Launch Slideshow

marianne cusato

marianne cusato

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    Marianne Cusato

    Clean proportions and well-crafted details such as built-in bookshelves make the cottage a sweet alternative to the double-wide trailer. Cusato included vertical, double-hung windows that open top and bottom for better air flow. In addition to its appeal as temporary quarters, the Katrina Cottage can stay on site after the main house is built, either attached as a wing or used as a guest cottage. Designed to balance economy, speed, and aesthetics, the delivery method is flexible, too. It can be stick-built or prefabricated for roughly the same cost as a government-issue trailer.

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    Jeff Bounds

    In addition to its appeal as temporary quarters, the Katrina Cottage can stay on site after the main house is built, either attached as a wing or used as a guest cottage. Designed to balance economy, speed, and aesthetics, the delivery method is flexible, too. It can be stick-built or prefabricated for roughly the same cost as a government-issue trailer.

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    Marianne Cusato

    In addition to its appeal as temporary quarters, the Katrina Cottage can stay on site after the main house is built, either attached as a wing or used as a guest cottage. Designed to balance economy, speed, and aesthetics, the delivery method is flexible, too. It can be stick-built or prefabricated for roughly the same cost as a government-issue trailer.

It's fast, dignified, affordable, and flexible. It's the Katrina Cottage, Marianne Cusato's nifty alternative to the ugly FEMA trailers that were handed out after Hurricane Katrina. Welcoming and concise, the prototype house's pitched metal roof, yellow fiber-cement siding, and vernacular simplicity has resonated with people worldwide.

The Katrina Cottage was born after DPZ's Andrés Duany asked the architects' team at last fall's Mississippi Renewal Forum to develop immediate affordable housing that respects the place. Cusato's design—the first to come from the charrette—was constructed at the International Builders' Show in Orlando last January. “You can show a cute drawing, but when you have something physical to show, there's a spark,” Cusato says. “We needed that forum for people to walk through and see that at 300 square feet, you can have a pretty nice house.” For Cusato, who just launched Marianne Cusato Associates last August, the eruption of interest has caused her to shift course, exploring possibilities for adapting the concept beyond the Gulf Coast. “My business was growing, then Katrina happened,” she says. “I've decided this is really what I want to invest myself in. I'm intrigued by the possibility that we might be able to come up with a partial solution to the major problem of affordability in this country.”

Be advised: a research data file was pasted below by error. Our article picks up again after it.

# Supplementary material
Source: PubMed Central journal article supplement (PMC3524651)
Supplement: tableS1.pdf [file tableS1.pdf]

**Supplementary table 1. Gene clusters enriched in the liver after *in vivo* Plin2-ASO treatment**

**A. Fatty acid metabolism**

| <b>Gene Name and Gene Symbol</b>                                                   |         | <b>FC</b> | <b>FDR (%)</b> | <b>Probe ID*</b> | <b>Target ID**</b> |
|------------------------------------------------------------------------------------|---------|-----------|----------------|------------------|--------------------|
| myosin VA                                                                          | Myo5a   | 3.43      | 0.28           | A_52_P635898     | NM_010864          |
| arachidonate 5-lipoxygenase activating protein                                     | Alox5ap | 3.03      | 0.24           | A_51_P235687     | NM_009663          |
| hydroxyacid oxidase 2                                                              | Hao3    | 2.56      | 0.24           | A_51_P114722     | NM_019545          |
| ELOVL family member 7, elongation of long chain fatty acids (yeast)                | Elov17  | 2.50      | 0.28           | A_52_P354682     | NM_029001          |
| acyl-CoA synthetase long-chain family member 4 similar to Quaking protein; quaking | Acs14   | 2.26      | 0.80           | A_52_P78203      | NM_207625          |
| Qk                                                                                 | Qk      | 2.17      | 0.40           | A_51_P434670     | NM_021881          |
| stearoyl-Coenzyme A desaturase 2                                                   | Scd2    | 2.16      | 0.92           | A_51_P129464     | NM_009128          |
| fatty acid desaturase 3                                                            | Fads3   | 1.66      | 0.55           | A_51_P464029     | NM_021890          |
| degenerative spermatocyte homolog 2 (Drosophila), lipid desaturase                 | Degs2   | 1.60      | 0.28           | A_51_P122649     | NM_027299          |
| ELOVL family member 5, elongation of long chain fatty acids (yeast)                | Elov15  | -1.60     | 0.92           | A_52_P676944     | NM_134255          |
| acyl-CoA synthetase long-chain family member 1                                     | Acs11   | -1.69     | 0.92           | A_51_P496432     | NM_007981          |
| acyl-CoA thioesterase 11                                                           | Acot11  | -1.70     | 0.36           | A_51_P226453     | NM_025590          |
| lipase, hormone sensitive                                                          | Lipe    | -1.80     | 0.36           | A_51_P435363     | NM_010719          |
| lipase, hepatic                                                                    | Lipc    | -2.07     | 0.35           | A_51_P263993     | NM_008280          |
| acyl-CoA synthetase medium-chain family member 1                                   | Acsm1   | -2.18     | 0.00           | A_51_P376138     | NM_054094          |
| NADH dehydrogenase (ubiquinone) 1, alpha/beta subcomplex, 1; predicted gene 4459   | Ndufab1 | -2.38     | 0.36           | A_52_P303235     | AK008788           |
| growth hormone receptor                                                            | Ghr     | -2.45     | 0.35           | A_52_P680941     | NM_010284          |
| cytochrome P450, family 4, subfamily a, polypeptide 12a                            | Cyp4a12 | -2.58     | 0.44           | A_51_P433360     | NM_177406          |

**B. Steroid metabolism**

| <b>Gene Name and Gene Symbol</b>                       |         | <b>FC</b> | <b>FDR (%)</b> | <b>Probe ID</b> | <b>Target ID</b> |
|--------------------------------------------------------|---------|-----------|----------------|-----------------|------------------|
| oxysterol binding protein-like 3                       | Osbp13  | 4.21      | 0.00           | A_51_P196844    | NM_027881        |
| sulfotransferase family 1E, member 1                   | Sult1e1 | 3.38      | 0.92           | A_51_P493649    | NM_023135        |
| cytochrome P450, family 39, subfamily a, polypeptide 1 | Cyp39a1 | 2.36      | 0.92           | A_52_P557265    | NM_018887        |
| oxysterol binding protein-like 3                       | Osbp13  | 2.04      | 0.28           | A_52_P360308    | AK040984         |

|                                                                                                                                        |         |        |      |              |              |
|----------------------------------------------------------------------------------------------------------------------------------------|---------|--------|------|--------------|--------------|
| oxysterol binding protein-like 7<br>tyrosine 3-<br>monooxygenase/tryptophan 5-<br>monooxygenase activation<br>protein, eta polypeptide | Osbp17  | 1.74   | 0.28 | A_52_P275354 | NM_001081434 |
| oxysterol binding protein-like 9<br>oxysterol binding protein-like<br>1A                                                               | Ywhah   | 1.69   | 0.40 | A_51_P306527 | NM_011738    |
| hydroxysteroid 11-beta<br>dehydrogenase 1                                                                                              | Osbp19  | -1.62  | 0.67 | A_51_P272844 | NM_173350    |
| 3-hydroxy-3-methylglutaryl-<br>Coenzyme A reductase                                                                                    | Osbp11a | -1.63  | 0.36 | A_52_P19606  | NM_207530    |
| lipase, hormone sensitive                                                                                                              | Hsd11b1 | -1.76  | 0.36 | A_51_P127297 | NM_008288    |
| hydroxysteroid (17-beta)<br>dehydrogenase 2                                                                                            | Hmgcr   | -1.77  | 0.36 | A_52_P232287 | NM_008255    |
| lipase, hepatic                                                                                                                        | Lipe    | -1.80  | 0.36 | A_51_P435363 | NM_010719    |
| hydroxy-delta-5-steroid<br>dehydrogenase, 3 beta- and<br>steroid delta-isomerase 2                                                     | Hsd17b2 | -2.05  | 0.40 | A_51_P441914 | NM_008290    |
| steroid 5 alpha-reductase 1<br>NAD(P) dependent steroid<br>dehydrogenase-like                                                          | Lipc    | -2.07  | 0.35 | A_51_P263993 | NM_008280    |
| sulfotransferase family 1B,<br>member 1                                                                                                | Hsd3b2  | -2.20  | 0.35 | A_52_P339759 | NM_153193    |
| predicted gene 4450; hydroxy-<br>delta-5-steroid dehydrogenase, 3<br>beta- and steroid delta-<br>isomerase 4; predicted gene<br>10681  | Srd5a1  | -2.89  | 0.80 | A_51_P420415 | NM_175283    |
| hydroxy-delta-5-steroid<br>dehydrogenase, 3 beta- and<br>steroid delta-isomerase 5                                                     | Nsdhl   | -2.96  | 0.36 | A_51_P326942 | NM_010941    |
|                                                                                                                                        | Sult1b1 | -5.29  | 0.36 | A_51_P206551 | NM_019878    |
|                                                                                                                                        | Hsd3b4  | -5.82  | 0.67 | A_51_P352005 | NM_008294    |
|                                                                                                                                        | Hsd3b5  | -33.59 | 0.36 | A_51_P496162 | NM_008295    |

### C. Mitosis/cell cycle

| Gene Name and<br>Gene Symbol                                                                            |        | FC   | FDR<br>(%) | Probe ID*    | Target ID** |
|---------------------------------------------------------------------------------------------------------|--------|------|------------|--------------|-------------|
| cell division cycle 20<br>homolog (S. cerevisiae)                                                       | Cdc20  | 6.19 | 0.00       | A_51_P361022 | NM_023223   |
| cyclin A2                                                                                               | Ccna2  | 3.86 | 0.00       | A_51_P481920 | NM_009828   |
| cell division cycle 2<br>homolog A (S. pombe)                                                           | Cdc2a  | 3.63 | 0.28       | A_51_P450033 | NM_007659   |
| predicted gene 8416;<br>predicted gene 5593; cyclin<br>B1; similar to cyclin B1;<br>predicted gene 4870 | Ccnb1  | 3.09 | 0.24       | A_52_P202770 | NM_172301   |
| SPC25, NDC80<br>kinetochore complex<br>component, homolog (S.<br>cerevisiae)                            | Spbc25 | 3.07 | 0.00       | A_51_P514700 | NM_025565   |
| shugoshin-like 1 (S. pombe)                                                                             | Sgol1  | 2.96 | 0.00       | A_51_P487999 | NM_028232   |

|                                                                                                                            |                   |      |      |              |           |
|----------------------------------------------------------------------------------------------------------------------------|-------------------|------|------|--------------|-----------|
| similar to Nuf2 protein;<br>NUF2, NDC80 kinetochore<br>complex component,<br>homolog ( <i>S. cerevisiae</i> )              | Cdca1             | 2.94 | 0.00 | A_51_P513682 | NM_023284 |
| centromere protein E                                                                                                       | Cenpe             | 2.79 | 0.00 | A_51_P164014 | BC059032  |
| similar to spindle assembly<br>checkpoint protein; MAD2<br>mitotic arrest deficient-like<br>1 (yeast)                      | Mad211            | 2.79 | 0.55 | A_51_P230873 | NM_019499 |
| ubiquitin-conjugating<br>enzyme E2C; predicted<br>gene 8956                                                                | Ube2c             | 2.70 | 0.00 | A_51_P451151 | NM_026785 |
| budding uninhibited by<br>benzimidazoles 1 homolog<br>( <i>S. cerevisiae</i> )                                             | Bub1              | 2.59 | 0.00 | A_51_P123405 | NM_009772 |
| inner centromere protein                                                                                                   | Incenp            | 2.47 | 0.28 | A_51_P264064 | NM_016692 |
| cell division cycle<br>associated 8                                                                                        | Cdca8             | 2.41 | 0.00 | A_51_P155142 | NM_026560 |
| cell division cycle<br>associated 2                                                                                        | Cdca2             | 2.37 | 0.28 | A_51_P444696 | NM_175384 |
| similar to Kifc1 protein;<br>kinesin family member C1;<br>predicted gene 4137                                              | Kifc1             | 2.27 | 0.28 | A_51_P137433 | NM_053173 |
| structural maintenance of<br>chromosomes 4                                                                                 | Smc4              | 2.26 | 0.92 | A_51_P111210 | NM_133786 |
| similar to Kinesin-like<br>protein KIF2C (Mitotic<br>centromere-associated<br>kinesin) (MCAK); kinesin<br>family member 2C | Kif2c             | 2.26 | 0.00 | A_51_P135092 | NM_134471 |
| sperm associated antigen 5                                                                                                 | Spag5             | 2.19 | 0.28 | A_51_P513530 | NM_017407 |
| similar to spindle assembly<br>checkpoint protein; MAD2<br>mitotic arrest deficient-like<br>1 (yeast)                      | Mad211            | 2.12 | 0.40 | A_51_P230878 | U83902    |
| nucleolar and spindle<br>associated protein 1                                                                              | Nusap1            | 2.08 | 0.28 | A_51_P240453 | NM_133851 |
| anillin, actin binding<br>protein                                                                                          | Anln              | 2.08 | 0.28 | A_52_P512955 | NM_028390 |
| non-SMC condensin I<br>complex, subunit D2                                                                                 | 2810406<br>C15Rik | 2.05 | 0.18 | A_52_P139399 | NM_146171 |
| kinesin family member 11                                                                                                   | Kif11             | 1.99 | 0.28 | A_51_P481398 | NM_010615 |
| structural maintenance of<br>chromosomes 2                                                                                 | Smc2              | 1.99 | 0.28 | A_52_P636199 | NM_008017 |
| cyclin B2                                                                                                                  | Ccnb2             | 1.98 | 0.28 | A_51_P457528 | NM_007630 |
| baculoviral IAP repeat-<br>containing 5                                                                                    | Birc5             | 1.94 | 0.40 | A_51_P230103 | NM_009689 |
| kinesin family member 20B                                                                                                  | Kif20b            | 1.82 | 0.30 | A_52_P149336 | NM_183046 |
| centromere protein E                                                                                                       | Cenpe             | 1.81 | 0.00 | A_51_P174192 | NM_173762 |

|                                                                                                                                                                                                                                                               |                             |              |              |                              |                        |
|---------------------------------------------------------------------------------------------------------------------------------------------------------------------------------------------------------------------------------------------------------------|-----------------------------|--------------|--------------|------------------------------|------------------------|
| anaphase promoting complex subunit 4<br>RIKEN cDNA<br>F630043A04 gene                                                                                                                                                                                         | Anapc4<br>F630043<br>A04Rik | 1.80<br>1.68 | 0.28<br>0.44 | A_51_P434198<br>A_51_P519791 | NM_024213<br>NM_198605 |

This April the Senate approved $1.2 billion to build the Katrina Cottages. But while Cusato has little control over public funding, she is working privately to disperse her design as plans to consumers, as a kit of parts that contractors or Habitat for Humanity volunteers could assemble, and as a turnkey modular system. The simple design works in most U.S. regions, she explains, and as the idea grows it could be adapted. Interest has come from abroad, too. Just recently, a non-government association asked her to work with a local architect to create a model for the people of Ghana.

“The Katrina Cottage goes beyond emergency housing to affordable housing,” Cusato says. “Why are people living in double-wide trailers? We're hoping to take this to the next level.” It's a small house, but a big idea.


  • Credit: Mark Pledger

verbatim

what drew you to this path?

“I see a real need—and opportunity—for change in the way we approach emergency and affordable housing. I think that by using ideas like the Katrina Cottage we can redefine the word affordable. The excitement that the prototype of Katrina Cottage 1 has generated gives me the encouragement I need to keep pushing the idea forward. We have support for the idea; now we need to make it a reality.”

what were you doing 10 years ago?

“I was studying architecture at the University of Notre Dame.”

what do you hope to have achieved 10 years from now?

“I'm hoping we can turn the panelized modular housing industry into a [vehicle for delivering] good design affordably to the masses. I'd love to personally work toward making that happen.”

 

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